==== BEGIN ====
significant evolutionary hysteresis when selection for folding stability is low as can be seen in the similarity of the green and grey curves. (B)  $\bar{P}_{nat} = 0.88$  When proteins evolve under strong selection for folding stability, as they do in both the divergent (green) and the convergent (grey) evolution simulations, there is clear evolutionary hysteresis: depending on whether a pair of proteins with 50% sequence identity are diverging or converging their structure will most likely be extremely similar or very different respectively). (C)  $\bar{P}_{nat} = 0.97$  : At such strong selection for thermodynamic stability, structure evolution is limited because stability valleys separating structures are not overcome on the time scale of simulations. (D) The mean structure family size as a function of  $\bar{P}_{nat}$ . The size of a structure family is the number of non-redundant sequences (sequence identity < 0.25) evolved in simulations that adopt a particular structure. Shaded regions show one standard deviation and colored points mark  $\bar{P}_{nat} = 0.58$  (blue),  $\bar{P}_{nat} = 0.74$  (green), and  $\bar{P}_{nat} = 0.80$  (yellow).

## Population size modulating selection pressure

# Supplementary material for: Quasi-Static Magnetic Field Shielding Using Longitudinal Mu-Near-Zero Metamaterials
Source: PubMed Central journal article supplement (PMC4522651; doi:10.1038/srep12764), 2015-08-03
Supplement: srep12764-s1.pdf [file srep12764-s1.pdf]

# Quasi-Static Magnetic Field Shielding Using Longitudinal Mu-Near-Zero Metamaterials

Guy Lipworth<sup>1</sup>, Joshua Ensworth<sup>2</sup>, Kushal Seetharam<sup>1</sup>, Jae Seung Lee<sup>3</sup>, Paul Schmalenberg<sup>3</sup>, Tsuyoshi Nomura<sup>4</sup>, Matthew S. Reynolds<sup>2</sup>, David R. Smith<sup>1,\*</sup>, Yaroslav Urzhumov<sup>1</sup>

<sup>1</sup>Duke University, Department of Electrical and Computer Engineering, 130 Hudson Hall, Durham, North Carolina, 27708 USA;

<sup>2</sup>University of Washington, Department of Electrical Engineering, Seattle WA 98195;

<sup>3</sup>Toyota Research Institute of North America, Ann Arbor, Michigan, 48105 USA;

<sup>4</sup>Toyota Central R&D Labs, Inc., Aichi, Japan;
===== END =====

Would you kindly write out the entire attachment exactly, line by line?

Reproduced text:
significant evolutionary hysteresis when selection for folding stability is low as can be seen in the similarity of the green and grey curves. (B)  $\bar{P}_{nat} = 0.88$  When proteins evolve under strong selection for folding stability, as they do in both the divergent (green) and the convergent (grey) evolution simulations, there is clear evolutionary hysteresis: depending on whether a pair of proteins with 50% sequence identity are diverging or converging their structure will most likely be extremely similar or very different respectively). (C)  $\bar{P}_{nat} = 0.97$  : At such strong selection for thermodynamic stability, structure evolution is limited because stability valleys separating structures are not overcome on the time scale of simulations. (D) The mean structure family size as a function of  $\bar{P}_{nat}$ . The size of a structure family is the number of non-redundant sequences (sequence identity < 0.25) evolved in simulations that adopt a particular structure. Shaded regions show one standard deviation and colored points mark  $\bar{P}_{nat} = 0.58$  (blue),  $\bar{P}_{nat} = 0.74$  (green), and  $\bar{P}_{nat} = 0.80$  (yellow).

## Population size modulating selection pressure

# Supplementary material for: Quasi-Static Magnetic Field Shielding Using Longitudinal Mu-Near-Zero Metamaterials
Source: PubMed Central journal article supplement (PMC4522651; doi:10.1038/srep12764), 2015-08-03
Supplement: srep12764-s1.pdf [file srep12764-s1.pdf]

# Quasi-Static Magnetic Field Shielding Using Longitudinal Mu-Near-Zero Metamaterials

Guy Lipworth<sup>1</sup>, Joshua Ensworth<sup>2</sup>, Kushal Seetharam<sup>1</sup>, Jae Seung Lee<sup>3</sup>, Paul Schmalenberg<sup>3</sup>, Tsuyoshi Nomura<sup>4</sup>, Matthew S. Reynolds<sup>2</sup>, David R. Smith<sup>1,\*</sup>, Yaroslav Urzhumov<sup>1</sup>

<sup>1</sup>Duke University, Department of Electrical and Computer Engineering, 130 Hudson Hall, Durham, North Carolina, 27708 USA;

<sup>2</sup>University of Washington, Department of Electrical Engineering, Seattle WA 98195;

<sup>3</sup>Toyota Research Institute of North America, Ann Arbor, Michigan, 48105 USA;

<sup>4</sup>Toyota Central R&D Labs, Inc., Aichi, Japan;